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Insights // 02 December 2021

What is a Lasting Power of Attorney?

Solicitor Kirsti Harvey, in our leading Wills, Probate, Tax & Trusts team, explains the role of a Lasting Power of Attorney (LPA), why they are an important document and how they can help and provide peace of mind for you and your family.

The COVID-19 pandemic has touched the lives of everyone, here in the UK and beyond. In 2020, over one million people in the UK volunteered to support the NHS, while many others have continued to look out for and help loved ones and those in their community.

Now more than ever, many individuals and their families will continue to rely on Lasting Powers of Attorney (LPAs) as vitally important documents, allowing important decisions to be taken on behalf of those who are unable to make choices for themselves.

Lasting Powers of Attorney

An LPA is a legal document whereby you give another person(s) (known as an attorney(s)) the ability to make certain decisions on your behalf.

There are two types of LPA:

  • A Property and Financial Affairs LPA, which allows your attorney to deal with your property and finances, as you specify. A Property and Financial Affairs LPA can be used by your attorneys whilst you retain capacity, with your consent.
  • A Health and Welfare LPA, which allows your attorney to make welfare and healthcare decisions on your behalf, but only if you lack mental capacity to do so yourself. This could also extend, if you wish, to giving or refusing consent to the continuation of life sustaining treatment (for example putting a ‘Do Not Resuscitate’ (DNR) in place).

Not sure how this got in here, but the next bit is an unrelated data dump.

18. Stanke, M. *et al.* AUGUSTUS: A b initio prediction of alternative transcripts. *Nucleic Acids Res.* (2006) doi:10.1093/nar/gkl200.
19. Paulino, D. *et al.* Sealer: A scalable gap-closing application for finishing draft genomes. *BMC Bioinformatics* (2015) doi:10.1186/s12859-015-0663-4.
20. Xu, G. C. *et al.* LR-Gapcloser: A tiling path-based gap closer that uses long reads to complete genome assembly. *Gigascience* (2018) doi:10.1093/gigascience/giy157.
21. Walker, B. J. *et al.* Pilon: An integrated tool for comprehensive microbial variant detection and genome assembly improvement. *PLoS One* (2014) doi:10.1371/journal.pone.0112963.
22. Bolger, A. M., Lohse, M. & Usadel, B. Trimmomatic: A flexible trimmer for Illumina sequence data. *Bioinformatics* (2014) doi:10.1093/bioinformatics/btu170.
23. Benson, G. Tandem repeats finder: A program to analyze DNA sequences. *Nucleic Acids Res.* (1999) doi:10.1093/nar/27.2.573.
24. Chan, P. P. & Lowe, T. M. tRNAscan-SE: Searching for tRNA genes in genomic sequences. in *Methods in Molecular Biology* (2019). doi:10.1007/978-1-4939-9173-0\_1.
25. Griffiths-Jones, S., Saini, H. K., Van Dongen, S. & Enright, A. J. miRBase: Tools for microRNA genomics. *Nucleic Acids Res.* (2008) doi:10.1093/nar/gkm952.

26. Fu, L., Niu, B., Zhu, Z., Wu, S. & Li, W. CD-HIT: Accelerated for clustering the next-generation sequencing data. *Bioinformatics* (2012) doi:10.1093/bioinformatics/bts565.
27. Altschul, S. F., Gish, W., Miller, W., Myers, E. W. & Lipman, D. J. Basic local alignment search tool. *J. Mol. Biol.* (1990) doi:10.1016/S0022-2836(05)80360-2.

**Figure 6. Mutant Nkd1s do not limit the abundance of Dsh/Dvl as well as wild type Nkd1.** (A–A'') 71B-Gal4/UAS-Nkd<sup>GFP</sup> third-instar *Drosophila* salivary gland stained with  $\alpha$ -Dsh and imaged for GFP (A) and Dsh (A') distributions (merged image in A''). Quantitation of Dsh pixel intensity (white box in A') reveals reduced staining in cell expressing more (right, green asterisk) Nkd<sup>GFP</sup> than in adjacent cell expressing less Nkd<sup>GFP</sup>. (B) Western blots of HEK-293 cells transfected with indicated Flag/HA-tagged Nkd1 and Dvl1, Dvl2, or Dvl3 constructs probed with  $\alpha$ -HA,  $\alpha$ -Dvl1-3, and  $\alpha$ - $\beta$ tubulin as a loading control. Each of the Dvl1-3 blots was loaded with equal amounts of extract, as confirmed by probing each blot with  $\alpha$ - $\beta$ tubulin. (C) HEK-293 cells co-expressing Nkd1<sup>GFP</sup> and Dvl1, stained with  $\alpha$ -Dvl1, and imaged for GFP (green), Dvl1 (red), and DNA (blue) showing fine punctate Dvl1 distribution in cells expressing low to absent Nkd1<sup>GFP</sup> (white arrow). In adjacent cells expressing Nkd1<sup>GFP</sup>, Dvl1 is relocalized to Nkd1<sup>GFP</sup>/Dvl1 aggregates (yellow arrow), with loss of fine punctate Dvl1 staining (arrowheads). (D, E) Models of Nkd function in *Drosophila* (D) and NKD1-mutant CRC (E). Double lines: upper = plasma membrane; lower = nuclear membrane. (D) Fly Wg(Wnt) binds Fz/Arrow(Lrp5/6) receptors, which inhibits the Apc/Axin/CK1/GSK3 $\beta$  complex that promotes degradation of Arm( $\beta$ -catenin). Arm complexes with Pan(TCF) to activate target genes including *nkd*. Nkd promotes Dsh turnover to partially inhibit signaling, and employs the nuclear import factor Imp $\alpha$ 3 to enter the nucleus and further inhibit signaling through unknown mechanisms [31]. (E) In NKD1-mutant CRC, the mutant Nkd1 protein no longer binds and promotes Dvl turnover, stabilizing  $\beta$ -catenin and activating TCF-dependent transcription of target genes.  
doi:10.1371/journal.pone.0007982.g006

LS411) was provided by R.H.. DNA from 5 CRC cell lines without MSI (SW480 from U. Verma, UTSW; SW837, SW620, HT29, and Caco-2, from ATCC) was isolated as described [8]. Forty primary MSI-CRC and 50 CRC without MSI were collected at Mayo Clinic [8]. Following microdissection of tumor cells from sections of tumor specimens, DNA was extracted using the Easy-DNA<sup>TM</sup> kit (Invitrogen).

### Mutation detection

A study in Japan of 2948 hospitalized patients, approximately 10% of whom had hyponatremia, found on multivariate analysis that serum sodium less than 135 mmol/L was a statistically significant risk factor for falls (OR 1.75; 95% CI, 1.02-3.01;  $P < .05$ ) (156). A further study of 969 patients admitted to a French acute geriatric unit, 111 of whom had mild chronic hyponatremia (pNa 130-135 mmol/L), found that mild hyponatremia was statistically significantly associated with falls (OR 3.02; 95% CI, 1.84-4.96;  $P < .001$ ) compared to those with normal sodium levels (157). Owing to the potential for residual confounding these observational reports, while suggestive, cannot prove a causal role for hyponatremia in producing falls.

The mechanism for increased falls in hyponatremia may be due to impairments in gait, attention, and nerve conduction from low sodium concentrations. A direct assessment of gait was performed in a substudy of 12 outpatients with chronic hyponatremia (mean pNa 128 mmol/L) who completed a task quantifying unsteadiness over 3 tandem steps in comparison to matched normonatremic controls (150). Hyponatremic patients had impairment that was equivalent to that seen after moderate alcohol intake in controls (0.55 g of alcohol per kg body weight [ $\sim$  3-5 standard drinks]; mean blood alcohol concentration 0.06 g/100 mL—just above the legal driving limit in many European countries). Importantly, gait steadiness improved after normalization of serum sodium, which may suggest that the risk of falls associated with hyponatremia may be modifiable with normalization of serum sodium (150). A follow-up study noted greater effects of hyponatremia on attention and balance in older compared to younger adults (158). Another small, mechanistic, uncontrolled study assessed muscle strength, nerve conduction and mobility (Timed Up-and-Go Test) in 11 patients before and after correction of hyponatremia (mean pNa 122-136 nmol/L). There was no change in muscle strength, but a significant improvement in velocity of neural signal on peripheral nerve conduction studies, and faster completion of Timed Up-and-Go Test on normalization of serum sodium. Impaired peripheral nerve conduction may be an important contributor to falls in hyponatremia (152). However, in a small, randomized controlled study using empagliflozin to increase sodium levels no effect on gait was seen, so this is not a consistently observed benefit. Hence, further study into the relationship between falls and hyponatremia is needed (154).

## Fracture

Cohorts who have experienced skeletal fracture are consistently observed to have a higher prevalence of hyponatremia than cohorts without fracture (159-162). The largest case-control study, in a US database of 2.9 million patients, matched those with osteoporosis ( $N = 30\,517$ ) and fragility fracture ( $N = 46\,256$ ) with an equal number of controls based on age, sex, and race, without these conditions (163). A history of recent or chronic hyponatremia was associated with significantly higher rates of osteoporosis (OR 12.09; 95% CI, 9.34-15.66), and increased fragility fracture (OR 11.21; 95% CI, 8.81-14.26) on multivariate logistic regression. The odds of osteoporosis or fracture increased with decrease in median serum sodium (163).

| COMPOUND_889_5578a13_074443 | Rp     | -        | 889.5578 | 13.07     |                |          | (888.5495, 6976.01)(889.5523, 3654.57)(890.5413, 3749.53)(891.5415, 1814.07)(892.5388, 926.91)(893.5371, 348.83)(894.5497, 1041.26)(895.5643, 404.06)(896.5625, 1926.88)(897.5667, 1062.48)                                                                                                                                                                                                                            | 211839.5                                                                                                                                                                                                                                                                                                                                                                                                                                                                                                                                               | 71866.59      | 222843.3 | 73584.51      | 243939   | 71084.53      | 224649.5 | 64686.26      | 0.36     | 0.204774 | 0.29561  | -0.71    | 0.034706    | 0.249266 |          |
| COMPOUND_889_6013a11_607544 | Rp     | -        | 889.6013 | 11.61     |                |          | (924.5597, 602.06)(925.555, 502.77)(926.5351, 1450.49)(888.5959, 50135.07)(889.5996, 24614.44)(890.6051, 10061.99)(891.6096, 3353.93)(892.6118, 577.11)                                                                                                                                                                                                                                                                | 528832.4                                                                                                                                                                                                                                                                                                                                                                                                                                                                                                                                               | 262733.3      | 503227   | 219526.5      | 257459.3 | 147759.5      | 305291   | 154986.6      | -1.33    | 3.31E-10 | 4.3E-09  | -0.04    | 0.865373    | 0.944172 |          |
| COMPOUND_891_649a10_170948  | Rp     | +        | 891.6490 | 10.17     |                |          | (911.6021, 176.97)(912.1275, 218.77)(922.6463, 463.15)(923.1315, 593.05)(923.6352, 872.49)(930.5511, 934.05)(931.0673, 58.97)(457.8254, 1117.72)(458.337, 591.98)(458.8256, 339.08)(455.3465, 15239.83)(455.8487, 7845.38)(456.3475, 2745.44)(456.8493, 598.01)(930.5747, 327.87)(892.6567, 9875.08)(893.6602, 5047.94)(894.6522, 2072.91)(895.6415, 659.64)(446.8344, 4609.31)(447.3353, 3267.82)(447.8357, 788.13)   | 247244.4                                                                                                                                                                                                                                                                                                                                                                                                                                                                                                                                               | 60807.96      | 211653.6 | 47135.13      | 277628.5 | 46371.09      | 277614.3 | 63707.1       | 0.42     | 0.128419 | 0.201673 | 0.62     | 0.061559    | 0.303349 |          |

The authority will continue throughout the Donor’s lifetime, provided that the LPA is not revoked.

Existing Enduring Powers of Attorney (EPA)          

Any EPA, made before 1 October 2007, will remain valid but only in respect of your property and affairs. If you wish to give authority over your health and welfare to an appointed attorney(s) you will need to make an appropriate LPA.

If you have any investments which are held in a discretionary management scheme (e.g. a stock and shares ISA), it may be worth reviewing your EPA to ensure that it meets your needs.

When and why should you make an LPA?